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Cruse v. Correctional Medical Associates

United States District Court, S.D. Mississippi, Southern Division

December 29, 2016




         BEFORE THE COURT is the [112] Report and Recommendation of United States Magistrate Judge John C. Gargiulo entered in this action of December 14, 2016. Plaintiff Andrew Clinton Cruse, Jr., a pro se prisoner, filed this action pursuant to 42 U.S.C. § 1983. Cruse has alleged unconstitutional denial of medical care and various other constitutional violations.

         In his Report and Recommendation, Judge Gargiulo determined that Plaintiff Cruse, who was granted in forma pauperis (IFP) status on March 23, 2016, “has, on not less than three occasions while detained, brought a civil action or appeal under [28 U.S.C.] § 1915 that has been dismissed as frivolous, malicious, or for failure to state a claim upon which relief may be granted.” (Rep. & Rec. 1). As a result, Judge Gargiulo recommended to this Court that Plaintiff Cruse's IFP “status be revoked, and that Plaintiff be ordered to pay the filing fee.” (Id.).

         Because Plaintiff Cruse timely filed his [114] Objection to the Report and Recommendation, the Court reviews the objected-to portions of that Report and Recommendation de novo. See Kreimerman v. Casa Veerkamp, S.A. de C.V., 22 F.3d 634, 646 (5th Cir. 1994); Longmire v. Guste, 921 F.2d 620, 623 (5th Cir. 1991). Such a review means that the Court will consider the record which has been developed before the Magistrate Judge and make its own determination on the basis of that record. See, e.g., United States v. Raddatz, 447 U.S. 667, 675 (1980). The Court has conducted the required review and finds that Plaintiff Cruse's IFP status should be revoked and that Cruse must pay the required filing fee. Failure to timely pay the filing fee will result in immediate dismissal of this action.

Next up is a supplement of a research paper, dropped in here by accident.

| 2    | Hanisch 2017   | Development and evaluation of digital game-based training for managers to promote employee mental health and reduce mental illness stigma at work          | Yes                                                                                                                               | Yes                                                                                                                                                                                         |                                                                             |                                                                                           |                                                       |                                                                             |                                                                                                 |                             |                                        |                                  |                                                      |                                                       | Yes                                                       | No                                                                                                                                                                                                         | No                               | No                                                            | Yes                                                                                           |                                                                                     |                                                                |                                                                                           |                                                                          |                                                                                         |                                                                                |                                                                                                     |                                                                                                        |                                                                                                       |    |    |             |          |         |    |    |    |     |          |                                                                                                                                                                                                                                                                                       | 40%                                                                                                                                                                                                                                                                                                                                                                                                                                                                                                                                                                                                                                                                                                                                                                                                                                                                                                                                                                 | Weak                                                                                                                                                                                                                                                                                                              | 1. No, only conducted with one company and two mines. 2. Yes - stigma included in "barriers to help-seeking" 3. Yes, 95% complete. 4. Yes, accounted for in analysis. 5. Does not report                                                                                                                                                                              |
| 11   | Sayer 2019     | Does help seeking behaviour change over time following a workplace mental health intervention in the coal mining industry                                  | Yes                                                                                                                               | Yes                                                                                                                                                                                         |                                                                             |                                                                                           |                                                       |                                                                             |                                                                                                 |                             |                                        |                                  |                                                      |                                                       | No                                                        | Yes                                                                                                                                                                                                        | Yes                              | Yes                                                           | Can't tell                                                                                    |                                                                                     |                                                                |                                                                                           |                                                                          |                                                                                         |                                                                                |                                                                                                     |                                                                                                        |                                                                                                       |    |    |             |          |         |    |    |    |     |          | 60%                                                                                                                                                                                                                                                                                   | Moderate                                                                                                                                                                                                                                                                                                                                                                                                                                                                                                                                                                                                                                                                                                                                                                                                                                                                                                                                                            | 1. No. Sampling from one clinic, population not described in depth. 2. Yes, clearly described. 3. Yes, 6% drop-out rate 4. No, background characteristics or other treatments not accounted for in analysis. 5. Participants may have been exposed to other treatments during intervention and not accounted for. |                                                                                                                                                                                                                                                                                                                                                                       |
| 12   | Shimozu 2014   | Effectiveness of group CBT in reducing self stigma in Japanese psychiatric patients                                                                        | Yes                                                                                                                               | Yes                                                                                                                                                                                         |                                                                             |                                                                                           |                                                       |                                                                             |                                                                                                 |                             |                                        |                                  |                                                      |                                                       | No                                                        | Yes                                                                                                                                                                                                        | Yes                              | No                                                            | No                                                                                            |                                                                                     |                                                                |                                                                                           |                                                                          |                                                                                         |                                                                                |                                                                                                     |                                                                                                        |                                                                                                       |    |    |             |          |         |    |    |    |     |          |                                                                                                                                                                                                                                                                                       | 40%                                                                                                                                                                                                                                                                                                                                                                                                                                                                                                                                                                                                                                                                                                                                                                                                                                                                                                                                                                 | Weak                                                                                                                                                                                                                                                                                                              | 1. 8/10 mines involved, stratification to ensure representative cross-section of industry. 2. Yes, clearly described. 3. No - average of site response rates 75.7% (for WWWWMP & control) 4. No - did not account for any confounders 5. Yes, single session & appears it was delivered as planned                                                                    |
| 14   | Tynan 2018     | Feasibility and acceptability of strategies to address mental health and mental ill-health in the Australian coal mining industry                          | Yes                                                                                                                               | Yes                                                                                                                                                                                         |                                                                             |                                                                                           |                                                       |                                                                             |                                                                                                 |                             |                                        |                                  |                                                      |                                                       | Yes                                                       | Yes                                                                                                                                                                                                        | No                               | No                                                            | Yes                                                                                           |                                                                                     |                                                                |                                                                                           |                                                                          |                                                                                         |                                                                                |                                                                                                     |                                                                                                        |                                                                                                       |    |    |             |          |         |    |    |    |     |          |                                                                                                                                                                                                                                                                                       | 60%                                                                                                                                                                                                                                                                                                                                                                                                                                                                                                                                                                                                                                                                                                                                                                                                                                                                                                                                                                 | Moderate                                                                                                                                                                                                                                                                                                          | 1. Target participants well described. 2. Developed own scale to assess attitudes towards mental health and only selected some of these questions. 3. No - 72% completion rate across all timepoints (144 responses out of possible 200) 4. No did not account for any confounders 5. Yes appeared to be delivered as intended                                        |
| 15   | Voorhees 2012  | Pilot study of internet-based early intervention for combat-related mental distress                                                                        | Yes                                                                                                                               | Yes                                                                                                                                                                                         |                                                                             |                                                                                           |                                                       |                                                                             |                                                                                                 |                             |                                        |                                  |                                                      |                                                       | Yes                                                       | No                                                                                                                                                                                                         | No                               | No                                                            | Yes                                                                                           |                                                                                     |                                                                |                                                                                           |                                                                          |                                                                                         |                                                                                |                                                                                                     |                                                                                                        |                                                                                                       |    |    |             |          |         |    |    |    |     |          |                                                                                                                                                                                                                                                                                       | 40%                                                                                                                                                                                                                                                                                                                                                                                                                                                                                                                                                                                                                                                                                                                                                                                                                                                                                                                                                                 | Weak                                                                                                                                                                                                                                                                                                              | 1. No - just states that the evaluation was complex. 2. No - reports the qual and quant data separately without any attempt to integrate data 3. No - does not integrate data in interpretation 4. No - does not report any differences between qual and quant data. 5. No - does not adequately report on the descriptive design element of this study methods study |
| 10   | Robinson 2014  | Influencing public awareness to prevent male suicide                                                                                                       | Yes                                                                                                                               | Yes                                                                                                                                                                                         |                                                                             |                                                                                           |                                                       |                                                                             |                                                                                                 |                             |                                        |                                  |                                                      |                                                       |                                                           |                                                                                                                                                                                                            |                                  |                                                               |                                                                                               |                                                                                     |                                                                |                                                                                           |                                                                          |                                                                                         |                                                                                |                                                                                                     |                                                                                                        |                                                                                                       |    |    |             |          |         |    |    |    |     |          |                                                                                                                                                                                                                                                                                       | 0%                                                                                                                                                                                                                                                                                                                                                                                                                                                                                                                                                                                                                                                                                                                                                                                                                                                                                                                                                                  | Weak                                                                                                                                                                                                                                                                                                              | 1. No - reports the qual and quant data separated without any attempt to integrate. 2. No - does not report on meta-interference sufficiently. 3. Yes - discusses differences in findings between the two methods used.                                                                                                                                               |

The Prison Litigation Reform Act (PLRA) provides that a prisoner's privilege to proceed IFP is denied if he has on three prior occasions during detention had an action or appeal dismissed as frivolous, malicious, or for failing to state a claim. 28 U.S.C. § 1915(g). Excepted from this bar are cases in which “the prisoner is under imminent danger of serious physical injury.” Id. The Court considers all actions which were dismissed as frivolous, malicious, or which failed to state a claim, whether dismissed before or after enactment of the PLRA. Adepegba v. Hammons, 103 F.3d 383, 386 (5th Cir. 1996).